IBM CEO brings end to facial recognition business
IBM has said it will no longer pursue the development, research or offering of facial recognition and analysis software.
In a letter to the United States Congress, the company’s CEO Arvind Krishna outlined this alongside suggestions for police reform in the form of more accountability, and better opportunities for “communities of color.”
The context for the change is, of course, the ongoing protests across the United States and the world instigated by the death of George Floyd, with Krishna saying IBM believed it was time for a “national dialogue”.
In the letter, Krishna said: “IBM no longer offers general purpose IBM facial recognition or analysis software. IBM firmly opposes and will not condone uses of any technology, including facial recognition technology offered by other vendors, for mass surveillance, racial profiling, violations of basic human rights and freedoms, or any purpose which is not consistent with our values and Principles of Trust and Transparency. We believe now is the time to begin a national dialogue on whether and how facial recognition technology should be employed by domestic law enforcement agencies.”
Continuing, he further said: “Artificial Intelligence is a powerful tool that can help law enforcement keep citizens safe. But vendors and users of Al systems have a shared responsibility to ensure that Al is tested for bias, particularity when used in law enforcement, and that such bias testing is audited and reported.”
Facial recognition software has come under increasing scrutiny in recent years, in parallel with its increasing competence thanks to the use of artificial intelligence. As reported by The Verge, research has found commercial facial recognition systems, including the one offered by IBM, to be biased.
It is in China, however, that the controversial technology is being most freely used. Facial recognition scans have become mandatory for those registering new sim cards.
Searching for the Top 100 Leaders in Technology
The search is on for the Top 100 Leaders in Technology 2021 – nominated by readers of Technology magazine and open to all.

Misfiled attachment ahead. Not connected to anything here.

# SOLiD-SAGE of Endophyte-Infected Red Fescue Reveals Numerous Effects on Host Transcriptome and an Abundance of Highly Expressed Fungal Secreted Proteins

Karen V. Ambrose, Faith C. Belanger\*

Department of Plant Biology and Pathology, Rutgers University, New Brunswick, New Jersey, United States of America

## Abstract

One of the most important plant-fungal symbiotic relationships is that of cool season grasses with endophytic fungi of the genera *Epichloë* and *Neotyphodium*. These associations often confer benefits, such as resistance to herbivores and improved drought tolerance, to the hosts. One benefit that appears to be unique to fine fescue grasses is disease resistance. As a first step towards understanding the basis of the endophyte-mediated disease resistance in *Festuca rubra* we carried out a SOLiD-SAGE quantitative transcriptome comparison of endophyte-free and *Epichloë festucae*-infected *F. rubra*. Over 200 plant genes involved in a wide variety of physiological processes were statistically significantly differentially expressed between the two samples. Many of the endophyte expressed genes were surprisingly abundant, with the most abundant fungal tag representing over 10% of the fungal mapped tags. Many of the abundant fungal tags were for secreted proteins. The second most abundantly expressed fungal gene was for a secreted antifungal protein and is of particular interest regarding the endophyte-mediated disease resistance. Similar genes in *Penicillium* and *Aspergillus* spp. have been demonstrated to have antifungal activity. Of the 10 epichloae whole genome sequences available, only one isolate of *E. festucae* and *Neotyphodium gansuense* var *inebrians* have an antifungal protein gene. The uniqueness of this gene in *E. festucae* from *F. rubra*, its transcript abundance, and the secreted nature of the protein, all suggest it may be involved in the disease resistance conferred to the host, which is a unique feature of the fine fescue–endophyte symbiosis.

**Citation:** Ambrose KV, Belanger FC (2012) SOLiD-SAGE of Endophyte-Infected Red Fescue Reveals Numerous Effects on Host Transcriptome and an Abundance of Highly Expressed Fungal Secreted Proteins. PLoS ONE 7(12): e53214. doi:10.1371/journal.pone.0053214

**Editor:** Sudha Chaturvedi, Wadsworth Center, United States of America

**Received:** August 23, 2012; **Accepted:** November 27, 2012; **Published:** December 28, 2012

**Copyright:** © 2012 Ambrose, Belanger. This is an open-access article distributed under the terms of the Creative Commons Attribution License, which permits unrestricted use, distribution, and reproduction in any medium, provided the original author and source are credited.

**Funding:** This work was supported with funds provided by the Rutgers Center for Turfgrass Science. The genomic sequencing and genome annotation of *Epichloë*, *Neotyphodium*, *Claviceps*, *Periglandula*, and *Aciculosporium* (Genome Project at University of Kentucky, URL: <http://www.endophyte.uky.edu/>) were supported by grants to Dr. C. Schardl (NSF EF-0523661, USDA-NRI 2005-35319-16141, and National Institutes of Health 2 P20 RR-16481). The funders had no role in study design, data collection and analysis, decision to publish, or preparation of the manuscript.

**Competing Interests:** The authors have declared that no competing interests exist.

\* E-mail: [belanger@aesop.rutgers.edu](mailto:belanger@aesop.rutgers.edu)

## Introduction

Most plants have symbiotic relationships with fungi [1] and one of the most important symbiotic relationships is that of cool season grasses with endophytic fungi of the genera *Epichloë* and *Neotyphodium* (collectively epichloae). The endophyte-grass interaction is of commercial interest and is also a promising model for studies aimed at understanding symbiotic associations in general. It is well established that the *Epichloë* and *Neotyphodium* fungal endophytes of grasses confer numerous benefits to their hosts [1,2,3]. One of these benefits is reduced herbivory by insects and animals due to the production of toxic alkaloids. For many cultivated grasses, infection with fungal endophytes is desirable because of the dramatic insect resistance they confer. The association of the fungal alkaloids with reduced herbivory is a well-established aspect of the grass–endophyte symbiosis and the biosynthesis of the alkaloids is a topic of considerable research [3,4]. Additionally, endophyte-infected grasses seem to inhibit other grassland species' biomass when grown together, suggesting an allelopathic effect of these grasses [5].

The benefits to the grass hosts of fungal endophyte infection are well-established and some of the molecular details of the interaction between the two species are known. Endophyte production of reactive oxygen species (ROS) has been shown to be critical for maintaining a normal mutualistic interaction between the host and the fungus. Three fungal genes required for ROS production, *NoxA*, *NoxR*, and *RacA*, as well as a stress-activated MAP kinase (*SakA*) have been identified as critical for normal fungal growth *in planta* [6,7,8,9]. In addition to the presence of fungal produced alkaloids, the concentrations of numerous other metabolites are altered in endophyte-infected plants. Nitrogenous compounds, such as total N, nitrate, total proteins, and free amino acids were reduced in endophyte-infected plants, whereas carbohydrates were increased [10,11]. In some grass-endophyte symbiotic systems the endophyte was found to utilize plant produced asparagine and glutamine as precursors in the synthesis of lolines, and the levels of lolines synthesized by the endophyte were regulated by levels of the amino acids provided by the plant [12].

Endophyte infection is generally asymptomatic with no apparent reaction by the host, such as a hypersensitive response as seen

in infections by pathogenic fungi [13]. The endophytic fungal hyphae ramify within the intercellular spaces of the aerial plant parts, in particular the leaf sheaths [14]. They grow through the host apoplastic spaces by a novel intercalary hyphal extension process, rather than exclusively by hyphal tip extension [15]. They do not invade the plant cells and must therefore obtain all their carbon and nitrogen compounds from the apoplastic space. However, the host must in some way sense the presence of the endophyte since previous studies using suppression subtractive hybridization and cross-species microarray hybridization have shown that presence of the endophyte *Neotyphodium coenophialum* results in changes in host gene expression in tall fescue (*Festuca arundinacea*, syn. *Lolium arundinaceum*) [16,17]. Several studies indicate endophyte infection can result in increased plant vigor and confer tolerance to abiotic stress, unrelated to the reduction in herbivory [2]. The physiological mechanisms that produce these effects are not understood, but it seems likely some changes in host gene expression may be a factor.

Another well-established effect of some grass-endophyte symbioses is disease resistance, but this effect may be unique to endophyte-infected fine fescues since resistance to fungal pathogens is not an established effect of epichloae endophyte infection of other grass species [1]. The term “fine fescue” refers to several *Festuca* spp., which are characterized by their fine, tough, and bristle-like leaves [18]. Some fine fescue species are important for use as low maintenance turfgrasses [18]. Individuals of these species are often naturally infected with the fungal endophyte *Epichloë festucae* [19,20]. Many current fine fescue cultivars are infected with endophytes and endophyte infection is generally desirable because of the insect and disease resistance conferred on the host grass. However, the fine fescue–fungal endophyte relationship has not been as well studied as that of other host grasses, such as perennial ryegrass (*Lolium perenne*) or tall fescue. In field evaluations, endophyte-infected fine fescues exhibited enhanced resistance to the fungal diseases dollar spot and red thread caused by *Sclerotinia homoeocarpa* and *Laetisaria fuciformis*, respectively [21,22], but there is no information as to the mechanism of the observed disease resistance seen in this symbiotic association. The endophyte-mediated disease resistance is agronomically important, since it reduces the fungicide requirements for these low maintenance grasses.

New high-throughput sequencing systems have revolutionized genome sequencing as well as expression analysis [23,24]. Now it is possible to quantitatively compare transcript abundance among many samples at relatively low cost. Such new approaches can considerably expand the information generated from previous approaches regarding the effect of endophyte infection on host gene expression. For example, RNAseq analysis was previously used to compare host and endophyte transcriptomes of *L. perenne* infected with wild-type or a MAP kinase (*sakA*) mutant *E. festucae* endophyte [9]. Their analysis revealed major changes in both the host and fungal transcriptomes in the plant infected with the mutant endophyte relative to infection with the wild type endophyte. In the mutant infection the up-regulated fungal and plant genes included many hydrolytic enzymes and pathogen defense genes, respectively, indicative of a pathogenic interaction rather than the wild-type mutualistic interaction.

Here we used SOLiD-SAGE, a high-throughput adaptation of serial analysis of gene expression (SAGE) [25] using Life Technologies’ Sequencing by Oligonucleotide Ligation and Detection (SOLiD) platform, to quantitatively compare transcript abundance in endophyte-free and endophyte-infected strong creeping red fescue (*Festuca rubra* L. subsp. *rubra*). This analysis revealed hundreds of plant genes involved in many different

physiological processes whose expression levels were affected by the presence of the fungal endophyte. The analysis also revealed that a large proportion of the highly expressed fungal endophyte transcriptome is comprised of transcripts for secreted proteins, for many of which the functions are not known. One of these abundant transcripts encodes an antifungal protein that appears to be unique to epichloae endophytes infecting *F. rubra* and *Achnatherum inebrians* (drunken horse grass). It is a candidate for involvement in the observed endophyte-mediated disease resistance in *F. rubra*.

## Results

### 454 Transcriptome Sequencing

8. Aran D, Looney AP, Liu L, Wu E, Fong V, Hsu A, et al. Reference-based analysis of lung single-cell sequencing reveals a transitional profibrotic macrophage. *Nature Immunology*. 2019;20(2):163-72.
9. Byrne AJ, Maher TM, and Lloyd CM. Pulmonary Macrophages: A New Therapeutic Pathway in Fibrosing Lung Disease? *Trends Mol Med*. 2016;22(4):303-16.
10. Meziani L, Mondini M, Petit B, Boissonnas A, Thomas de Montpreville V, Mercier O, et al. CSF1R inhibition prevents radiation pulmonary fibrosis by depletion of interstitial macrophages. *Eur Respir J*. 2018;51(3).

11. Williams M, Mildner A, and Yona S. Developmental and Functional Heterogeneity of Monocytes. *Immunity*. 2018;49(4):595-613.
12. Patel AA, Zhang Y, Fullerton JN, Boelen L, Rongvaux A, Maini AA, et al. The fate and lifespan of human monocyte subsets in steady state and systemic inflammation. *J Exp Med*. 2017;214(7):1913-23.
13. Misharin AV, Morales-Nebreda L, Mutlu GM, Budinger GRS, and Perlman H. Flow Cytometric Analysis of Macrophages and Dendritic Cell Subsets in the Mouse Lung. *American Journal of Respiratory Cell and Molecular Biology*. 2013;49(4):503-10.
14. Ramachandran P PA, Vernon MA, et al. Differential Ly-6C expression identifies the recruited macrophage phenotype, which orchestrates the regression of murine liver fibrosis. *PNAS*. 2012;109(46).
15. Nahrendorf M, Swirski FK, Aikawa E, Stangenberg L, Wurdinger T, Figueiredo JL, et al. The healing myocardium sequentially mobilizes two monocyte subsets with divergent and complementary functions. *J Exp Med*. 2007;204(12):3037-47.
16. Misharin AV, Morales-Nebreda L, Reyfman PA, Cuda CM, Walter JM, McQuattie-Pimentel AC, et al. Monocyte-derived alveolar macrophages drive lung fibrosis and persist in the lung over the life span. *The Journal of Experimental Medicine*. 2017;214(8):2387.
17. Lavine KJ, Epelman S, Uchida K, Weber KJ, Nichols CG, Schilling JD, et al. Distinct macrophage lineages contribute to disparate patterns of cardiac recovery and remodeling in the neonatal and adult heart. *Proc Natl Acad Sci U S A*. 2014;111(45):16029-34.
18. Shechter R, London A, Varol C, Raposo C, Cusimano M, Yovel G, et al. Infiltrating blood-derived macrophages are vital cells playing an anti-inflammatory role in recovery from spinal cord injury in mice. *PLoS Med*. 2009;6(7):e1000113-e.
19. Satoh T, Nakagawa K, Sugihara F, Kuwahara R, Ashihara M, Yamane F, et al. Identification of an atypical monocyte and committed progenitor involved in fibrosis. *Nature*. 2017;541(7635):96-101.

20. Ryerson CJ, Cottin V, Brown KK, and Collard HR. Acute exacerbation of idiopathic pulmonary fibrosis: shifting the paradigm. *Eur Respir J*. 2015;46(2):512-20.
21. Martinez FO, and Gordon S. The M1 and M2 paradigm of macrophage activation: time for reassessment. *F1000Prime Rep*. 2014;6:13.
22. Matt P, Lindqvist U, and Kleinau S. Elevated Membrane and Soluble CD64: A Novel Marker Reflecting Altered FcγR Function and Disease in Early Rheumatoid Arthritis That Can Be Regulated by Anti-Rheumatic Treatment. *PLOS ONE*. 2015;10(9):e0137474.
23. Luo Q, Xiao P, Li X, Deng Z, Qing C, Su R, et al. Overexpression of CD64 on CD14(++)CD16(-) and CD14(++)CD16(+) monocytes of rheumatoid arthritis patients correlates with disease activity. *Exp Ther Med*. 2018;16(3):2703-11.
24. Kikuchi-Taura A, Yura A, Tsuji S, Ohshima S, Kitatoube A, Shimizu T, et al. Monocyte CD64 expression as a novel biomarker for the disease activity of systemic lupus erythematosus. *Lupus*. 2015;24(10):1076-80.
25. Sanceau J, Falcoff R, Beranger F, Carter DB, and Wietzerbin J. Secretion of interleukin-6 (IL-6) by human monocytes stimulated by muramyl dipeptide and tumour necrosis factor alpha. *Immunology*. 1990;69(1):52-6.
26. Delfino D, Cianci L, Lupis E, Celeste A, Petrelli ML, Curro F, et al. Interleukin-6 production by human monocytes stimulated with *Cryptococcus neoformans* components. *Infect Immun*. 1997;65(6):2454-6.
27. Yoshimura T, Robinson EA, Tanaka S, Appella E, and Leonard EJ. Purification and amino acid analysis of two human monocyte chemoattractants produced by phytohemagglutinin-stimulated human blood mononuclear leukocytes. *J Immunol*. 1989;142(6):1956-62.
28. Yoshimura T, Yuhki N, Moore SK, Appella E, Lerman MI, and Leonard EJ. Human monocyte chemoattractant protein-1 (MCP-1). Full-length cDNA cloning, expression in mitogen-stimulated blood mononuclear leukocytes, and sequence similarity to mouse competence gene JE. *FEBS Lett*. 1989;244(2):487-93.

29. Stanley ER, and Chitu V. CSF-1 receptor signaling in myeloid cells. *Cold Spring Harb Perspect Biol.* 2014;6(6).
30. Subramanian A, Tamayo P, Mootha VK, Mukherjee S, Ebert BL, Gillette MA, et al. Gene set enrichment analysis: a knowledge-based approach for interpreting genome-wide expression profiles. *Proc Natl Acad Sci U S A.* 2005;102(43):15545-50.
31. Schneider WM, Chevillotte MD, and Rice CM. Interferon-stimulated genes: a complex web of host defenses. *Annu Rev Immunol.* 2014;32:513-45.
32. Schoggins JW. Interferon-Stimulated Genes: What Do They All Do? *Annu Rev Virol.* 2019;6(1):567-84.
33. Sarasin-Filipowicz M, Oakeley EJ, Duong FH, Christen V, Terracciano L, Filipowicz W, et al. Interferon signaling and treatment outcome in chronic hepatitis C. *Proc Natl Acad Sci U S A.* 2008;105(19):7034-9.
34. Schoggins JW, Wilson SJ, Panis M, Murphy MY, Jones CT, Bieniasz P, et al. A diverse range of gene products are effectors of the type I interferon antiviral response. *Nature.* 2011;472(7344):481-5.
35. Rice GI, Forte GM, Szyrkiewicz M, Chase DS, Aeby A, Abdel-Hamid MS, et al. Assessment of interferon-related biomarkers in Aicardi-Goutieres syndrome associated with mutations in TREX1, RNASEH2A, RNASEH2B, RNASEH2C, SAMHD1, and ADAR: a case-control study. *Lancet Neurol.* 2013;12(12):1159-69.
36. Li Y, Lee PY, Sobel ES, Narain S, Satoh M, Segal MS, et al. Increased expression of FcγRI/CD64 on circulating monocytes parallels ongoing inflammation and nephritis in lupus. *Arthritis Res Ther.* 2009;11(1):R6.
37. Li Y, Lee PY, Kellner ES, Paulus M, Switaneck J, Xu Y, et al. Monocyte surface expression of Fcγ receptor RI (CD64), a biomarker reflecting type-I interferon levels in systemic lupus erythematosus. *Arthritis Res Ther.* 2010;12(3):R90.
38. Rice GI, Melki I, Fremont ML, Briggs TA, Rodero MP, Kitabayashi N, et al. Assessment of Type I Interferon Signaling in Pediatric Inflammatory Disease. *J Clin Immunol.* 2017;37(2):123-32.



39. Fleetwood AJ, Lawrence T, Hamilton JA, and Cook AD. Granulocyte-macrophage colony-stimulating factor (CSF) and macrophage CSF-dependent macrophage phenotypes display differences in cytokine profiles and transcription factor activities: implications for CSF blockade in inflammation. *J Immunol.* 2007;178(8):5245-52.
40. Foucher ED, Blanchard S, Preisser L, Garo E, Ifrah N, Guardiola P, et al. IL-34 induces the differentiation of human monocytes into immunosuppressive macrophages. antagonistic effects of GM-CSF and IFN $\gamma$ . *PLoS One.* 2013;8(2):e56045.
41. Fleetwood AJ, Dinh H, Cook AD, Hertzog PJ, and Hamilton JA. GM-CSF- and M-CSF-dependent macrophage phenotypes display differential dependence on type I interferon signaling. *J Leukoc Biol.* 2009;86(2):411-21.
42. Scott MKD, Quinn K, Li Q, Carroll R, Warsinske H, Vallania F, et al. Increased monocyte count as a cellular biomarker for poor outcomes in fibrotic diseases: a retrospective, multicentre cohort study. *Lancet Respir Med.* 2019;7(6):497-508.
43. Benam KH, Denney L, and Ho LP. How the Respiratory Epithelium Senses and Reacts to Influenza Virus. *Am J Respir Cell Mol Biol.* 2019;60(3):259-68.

The initiative has been launched and nominations are now open, with the final, prestigious Top 100 due to be announced during Technology and AI LIVE running 14-16 September, beamed from London to the world.
This latest, definitive list of the leading executives and influencers in the industry will be announced at the event and shared across social media channels, this website, and presented in a special supplement that honours all of those named in our annual list.
The Top 100 Leaders follows on from the well-received Top 100 Women in Technology that BizClik Media Group (BMG) – publishers of Technology magazine, AI magazine and a growing portfolio of industry-leading titles – produced in March this year to coincide with International Women’s Day.
“The Top 100 Women recognised the incredible and influential women driving our industry,” says Scott Birch, editorial director, BMG. “The success of that initiative encouraged us to recognise the Top 100 Leaders – individuals championing everything that we love about technology and embracing best practice that’s good for business.”
Nominations are already coming in, with some notable highlights including:
Rhonda Vetere - Herbalife
Bryan Smith - Expedient
Nominate your Top 100 Leader HERE
The deadline for nominations closes on Sunday 1 August 2021, and it is free to nominate. The Top 100 Leaders will be announced across our platforms and at the LIVE event.